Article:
Are the Traffic Police stopping Foreigners? Nope…

Nearly a couple weeks ago, I posted an article in reference to the traffic police being allowed to stop foreigners.  Well, since that time, I have only heard of one case of a foreigner being stopped by the traffic police.

Today I was riding from District 4 to District 1.  As I was turning, I was forced by a truck to go through a red light (it was either go or get run over).  As I was going through the red light, I saw a traffic policeman looking straight at me.  I thought it was strange but I realized that he let me off the hook for going through a red light.

What I did not know was that I forgot to put on my helmet.  This has not happened to me before.  In fact, I had left my helmet back at the consulting firm I worked at today.  So when I left the gate, I just left without grabbing my helmet.  It was not until I got to Au Parc that I realized I forgot to put on my helmet.  The parking guards thought it was funny that I was trying to take off an invisible helmet off of my head 🙂

Anyway, to make a matters short, I broke two laws in front of the traffic police today.  Surprised me.  Maybe they we scared by my ninja mask?  I am wondering if they will contact my friend who registered my motorbike.  If so, I will pay for the fines, definitely.

I am wondering that they may have let me go because I have a northern number.  You do not see many northern registered motorbikes getting pulled over in Saigon.

Wear your helmet, obey the laws!  Do not be  a hypocrite like I was today 🙂

  • The police just stop girls to measure their chest size.
    Is that rule in effect yet? 🙂

  • Timen

    You tried to take off your invisible helmet? Hehehe… OK — take it easy tomorrow night, Kevin. The holiday season is getting to you.

  • R. Streitmatter-Tran

    my friend was stopped and his bike confiscated. he’s vk, so i’m not sure if the rule is being enforced on this demographic more. i’m taking no chances.

  • Since the police don’t speak english and they know foreigners are much less likely to pay bribes there isn’t much they can do with you.

  • Broke two laws right in front of a cop? What a G.

    • It was not intentional. If they have a camera, I should know in a couple of weeks. I try to keep my helmet on my handlebar so I do not forget.

  • Jonathan

    I accidentally made an illegal left turn in front of a traffic cop in 2003 (it was dark, traffic was heavy, and I just didn’t see the sign), and he stopped me. I wasn’t even sure what I did, and he didn’t really speak English, so I called my wife. She sent over my brother in law, who bribed him, and we went on our way 🙂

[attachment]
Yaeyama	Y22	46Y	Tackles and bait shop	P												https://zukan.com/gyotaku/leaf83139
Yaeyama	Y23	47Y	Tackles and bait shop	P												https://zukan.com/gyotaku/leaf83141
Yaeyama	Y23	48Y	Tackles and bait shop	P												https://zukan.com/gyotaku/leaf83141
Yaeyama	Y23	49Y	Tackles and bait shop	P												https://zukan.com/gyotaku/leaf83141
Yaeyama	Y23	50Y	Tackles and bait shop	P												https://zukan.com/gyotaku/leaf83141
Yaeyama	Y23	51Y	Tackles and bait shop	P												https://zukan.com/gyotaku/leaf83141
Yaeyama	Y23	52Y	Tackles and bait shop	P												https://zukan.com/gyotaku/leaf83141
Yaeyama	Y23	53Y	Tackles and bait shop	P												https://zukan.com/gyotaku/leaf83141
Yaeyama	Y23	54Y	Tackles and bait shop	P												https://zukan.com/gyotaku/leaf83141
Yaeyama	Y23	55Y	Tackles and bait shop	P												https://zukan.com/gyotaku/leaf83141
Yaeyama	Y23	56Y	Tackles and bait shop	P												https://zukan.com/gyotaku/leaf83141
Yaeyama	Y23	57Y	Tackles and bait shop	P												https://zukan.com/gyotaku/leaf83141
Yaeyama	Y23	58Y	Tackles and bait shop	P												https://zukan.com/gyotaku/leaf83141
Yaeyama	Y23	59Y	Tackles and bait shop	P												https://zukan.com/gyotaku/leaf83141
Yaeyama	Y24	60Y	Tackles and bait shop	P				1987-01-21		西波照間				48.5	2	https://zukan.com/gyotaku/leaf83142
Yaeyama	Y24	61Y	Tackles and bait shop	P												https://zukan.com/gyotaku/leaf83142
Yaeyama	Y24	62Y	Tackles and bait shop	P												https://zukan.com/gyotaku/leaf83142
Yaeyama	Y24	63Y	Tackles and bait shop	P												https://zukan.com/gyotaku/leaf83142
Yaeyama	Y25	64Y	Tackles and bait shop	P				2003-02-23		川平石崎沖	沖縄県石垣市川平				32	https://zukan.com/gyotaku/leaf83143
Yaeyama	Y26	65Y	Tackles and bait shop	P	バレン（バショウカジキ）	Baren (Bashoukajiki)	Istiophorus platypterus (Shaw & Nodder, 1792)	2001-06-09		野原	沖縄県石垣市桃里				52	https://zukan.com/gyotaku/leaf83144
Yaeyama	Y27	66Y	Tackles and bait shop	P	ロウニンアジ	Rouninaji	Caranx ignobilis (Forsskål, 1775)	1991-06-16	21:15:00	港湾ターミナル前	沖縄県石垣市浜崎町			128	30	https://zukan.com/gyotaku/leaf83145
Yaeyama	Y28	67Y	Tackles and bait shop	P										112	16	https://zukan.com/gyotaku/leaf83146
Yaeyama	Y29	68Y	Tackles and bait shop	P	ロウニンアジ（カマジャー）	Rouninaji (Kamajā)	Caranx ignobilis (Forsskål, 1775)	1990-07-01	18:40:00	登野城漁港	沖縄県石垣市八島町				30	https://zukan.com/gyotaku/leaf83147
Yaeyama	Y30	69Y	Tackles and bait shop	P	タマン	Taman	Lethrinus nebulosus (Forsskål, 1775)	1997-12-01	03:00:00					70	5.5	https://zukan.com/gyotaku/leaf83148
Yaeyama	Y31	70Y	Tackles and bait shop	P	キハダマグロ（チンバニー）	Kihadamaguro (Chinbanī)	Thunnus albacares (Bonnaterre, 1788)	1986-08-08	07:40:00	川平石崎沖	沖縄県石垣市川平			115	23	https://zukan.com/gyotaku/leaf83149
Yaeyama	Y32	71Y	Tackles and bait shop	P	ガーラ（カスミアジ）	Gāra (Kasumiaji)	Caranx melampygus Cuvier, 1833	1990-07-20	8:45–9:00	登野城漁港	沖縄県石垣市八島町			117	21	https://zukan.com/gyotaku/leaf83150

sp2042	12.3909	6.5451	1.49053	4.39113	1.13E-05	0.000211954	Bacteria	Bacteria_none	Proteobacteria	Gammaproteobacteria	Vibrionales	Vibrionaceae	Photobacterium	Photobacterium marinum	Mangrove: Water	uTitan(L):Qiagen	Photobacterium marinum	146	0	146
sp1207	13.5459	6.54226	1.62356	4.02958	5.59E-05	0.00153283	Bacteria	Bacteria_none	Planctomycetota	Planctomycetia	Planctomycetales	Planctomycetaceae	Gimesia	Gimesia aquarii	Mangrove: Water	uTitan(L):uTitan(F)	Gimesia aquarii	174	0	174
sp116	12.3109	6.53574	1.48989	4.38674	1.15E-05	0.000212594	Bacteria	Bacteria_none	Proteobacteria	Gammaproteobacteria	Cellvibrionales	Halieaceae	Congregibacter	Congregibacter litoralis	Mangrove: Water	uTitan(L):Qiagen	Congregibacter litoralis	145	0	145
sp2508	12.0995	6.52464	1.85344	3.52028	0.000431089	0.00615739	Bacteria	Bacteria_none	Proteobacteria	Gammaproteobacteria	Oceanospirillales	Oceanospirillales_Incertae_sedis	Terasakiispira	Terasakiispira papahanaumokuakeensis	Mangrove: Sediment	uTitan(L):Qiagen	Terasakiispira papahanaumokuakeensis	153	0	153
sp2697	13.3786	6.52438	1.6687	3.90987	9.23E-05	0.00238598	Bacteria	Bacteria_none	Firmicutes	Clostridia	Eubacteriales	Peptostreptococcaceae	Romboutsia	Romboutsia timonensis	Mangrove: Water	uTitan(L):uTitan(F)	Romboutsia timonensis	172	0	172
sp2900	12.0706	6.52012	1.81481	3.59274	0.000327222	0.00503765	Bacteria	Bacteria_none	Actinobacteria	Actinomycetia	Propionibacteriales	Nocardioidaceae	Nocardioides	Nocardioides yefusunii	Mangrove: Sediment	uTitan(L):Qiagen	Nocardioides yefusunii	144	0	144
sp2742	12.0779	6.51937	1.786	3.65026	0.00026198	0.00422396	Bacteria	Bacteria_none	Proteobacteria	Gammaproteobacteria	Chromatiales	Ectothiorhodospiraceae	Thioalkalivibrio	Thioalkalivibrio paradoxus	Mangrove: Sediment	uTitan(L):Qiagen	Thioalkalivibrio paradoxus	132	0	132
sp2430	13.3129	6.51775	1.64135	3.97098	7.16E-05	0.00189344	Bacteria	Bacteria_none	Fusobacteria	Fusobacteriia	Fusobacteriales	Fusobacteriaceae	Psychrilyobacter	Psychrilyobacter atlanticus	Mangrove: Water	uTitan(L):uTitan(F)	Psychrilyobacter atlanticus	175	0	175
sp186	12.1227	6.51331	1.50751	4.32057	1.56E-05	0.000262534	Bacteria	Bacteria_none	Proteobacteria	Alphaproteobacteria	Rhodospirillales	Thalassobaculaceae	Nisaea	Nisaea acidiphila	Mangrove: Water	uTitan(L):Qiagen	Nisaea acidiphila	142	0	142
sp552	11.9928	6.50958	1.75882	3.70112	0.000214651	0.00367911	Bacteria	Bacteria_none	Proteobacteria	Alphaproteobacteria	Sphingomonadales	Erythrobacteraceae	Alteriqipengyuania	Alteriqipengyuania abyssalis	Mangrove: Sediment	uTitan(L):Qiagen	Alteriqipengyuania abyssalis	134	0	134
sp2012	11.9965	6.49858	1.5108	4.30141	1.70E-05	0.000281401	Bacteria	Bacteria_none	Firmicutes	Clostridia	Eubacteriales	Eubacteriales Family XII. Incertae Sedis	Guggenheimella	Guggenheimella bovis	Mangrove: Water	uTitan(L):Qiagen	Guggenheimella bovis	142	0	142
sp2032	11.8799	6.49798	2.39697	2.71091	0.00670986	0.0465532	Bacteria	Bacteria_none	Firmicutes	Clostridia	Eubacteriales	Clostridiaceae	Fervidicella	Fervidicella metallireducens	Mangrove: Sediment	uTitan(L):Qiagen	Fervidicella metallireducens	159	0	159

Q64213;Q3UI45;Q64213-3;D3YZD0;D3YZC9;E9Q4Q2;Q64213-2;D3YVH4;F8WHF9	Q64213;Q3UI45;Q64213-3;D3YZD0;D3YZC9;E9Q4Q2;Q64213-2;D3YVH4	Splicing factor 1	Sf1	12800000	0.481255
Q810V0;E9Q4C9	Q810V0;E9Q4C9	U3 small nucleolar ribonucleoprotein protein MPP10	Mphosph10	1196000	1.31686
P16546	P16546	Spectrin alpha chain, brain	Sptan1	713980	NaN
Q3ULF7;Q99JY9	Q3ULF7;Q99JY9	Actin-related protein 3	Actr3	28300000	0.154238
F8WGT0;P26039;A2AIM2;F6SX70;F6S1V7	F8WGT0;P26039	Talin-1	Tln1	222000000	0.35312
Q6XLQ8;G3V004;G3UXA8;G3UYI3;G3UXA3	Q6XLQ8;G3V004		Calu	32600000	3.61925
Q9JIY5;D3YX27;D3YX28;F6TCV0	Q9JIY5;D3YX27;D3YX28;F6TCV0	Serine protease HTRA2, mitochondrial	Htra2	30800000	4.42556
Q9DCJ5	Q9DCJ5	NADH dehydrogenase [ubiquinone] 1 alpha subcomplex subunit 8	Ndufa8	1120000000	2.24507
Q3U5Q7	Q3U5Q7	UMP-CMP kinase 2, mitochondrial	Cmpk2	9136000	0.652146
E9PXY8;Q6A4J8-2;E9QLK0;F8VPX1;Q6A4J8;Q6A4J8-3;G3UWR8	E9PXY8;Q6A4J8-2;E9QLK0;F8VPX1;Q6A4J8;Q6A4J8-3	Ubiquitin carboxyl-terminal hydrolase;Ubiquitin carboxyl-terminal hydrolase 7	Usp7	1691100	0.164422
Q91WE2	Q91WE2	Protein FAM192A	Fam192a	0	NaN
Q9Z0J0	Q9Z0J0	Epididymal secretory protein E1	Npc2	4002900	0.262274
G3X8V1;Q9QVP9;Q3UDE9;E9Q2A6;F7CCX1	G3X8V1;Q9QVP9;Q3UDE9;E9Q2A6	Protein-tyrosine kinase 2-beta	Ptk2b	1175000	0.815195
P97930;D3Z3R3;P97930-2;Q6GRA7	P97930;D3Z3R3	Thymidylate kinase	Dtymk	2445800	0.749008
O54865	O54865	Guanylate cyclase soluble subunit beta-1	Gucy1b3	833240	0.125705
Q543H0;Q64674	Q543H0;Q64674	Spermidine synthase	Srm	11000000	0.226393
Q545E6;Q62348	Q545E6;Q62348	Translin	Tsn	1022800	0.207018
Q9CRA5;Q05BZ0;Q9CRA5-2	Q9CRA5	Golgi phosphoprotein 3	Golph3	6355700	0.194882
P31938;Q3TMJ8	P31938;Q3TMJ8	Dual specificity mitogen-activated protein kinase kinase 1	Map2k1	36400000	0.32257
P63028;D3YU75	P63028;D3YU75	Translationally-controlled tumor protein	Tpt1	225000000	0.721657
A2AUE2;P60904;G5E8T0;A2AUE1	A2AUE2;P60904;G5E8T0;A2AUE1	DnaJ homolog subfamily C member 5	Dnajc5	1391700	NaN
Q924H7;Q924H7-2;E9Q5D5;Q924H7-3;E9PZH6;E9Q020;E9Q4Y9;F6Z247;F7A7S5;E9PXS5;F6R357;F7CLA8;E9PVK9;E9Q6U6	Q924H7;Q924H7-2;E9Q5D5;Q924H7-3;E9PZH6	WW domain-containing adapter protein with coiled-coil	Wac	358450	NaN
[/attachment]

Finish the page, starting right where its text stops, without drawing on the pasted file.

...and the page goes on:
• Back then you could just leave. The police would not have gone after you. Today it is different.

  • Craig

    I REALLY hope they are not enforcing driving-without-license laws. I am due to visit next month, and to me driving scooters in Saigon are one of the bigest reasons to visit.

  • @Jonathan: You should not have called your wife! The more of a pain you are to deal with (through no fault of your own) the more likely he is to not bother with you. 🙂

  • Jonathan

    @Craig: I don’t know about now, but at least in 2002 and 2003 they weren’t. I think they pretty much assumed that any foreigner on a scooter didn’t have a driver’s license. At least, the traffic cop that stopped me that time never asked for a license.

    I haven’t been to Saigon in 4 years, but my wife visited last summer and said traffic was way worse than it was the last time I was there, and it was really bad then. Don’t know why you’d want to ride in that soup :p

    Now, riding in someplace like Vung Tau is actually fun. Nice wide roads with not much traffic,you can actually enjoy yourself, something I could only do late at night in Saigon, when traffic died down enough to make riding a pleasure instead of a flirt with death :p

  • Craig

    @Jonathan: The insanity of Saigon traffic is part of the fun! Maybe fun isn’t the correct word. Thrill is better.

  • Huy

    I have heard also that the vehicle register from the norhern provinces tend not to get pulled over as much, from our tour guide in 2006. Yes it is political.
    I had a 2-hour ride in back of scooter in Vung Tau and it is much better travel there.


  • Depends on the number. Hanoi (29), Ninh Binh (35) and a couple northern places no. Maybe in other parts of Vietnam but I am not too sure.

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